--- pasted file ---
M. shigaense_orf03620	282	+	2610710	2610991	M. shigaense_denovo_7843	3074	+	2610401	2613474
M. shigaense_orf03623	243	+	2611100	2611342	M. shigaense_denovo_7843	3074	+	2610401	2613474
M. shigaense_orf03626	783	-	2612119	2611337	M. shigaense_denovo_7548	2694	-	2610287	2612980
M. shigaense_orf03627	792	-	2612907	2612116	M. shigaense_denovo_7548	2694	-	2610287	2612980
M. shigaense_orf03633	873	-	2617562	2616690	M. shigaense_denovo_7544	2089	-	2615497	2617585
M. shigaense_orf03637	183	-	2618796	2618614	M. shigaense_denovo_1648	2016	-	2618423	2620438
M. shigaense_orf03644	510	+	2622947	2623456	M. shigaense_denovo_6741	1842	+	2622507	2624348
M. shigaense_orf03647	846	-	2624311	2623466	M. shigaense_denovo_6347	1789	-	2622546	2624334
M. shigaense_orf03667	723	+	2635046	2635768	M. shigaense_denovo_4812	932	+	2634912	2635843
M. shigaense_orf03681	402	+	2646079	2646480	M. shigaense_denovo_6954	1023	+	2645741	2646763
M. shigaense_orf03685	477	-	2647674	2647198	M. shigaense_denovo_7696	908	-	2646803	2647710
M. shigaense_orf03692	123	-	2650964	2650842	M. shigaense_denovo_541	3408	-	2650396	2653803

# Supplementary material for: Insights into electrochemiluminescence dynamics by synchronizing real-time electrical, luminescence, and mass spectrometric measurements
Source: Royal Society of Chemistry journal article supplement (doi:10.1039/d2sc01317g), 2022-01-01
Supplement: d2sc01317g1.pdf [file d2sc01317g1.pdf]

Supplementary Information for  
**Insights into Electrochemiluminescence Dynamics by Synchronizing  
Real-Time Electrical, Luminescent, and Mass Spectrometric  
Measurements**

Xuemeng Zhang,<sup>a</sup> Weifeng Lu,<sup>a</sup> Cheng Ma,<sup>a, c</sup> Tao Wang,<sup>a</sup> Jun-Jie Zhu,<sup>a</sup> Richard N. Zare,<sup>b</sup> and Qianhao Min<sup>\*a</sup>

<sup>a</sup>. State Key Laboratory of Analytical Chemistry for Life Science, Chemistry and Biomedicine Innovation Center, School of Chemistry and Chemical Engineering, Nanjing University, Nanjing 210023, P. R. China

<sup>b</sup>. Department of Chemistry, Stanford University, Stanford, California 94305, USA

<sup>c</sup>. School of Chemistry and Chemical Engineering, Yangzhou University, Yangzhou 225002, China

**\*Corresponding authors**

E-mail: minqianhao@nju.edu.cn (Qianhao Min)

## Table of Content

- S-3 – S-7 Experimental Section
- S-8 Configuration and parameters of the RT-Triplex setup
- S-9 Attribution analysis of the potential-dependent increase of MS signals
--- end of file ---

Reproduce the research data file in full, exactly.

M. shigaense_orf03620	282	+	2610710	2610991	M. shigaense_denovo_7843	3074	+	2610401	2613474
M. shigaense_orf03623	243	+	2611100	2611342	M. shigaense_denovo_7843	3074	+	2610401	2613474
M. shigaense_orf03626	783	-	2612119	2611337	M. shigaense_denovo_7548	2694	-	2610287	2612980
M. shigaense_orf03627	792	-	2612907	2612116	M. shigaense_denovo_7548	2694	-	2610287	2612980
M. shigaense_orf03633	873	-	2617562	2616690	M. shigaense_denovo_7544	2089	-	2615497	2617585
M. shigaense_orf03637	183	-	2618796	2618614	M. shigaense_denovo_1648	2016	-	2618423	2620438
M. shigaense_orf03644	510	+	2622947	2623456	M. shigaense_denovo_6741	1842	+	2622507	2624348
M. shigaense_orf03647	846	-	2624311	2623466	M. shigaense_denovo_6347	1789	-	2622546	2624334
M. shigaense_orf03667	723	+	2635046	2635768	M. shigaense_denovo_4812	932	+	2634912	2635843
M. shigaense_orf03681	402	+	2646079	2646480	M. shigaense_denovo_6954	1023	+	2645741	2646763
M. shigaense_orf03685	477	-	2647674	2647198	M. shigaense_denovo_7696	908	-	2646803	2647710
M. shigaense_orf03692	123	-	2650964	2650842	M. shigaense_denovo_541	3408	-	2650396	2653803

# Supplementary material for: Insights into electrochemiluminescence dynamics by synchronizing real-time electrical, luminescence, and mass spectrometric measurements
Source: Royal Society of Chemistry journal article supplement (doi:10.1039/d2sc01317g), 2022-01-01
Supplement: d2sc01317g1.pdf [file d2sc01317g1.pdf]

Supplementary Information for  
**Insights into Electrochemiluminescence Dynamics by Synchronizing  
Real-Time Electrical, Luminescent, and Mass Spectrometric  
Measurements**

Xuemeng Zhang,<sup>a</sup> Weifeng Lu,<sup>a</sup> Cheng Ma,<sup>a, c</sup> Tao Wang,<sup>a</sup> Jun-Jie Zhu,<sup>a</sup> Richard N. Zare,<sup>b</sup> and Qianhao Min<sup>\*a</sup>

<sup>a</sup>. State Key Laboratory of Analytical Chemistry for Life Science, Chemistry and Biomedicine Innovation Center, School of Chemistry and Chemical Engineering, Nanjing University, Nanjing 210023, P. R. China

<sup>b</sup>. Department of Chemistry, Stanford University, Stanford, California 94305, USA

<sup>c</sup>. School of Chemistry and Chemical Engineering, Yangzhou University, Yangzhou 225002, China

**\*Corresponding authors**

E-mail: minqianhao@nju.edu.cn (Qianhao Min)

## Table of Content

- S-3 – S-7 Experimental Section
- S-8 Configuration and parameters of the RT-Triplex setup
- S-9 Attribution analysis of the potential-dependent increase of MS signals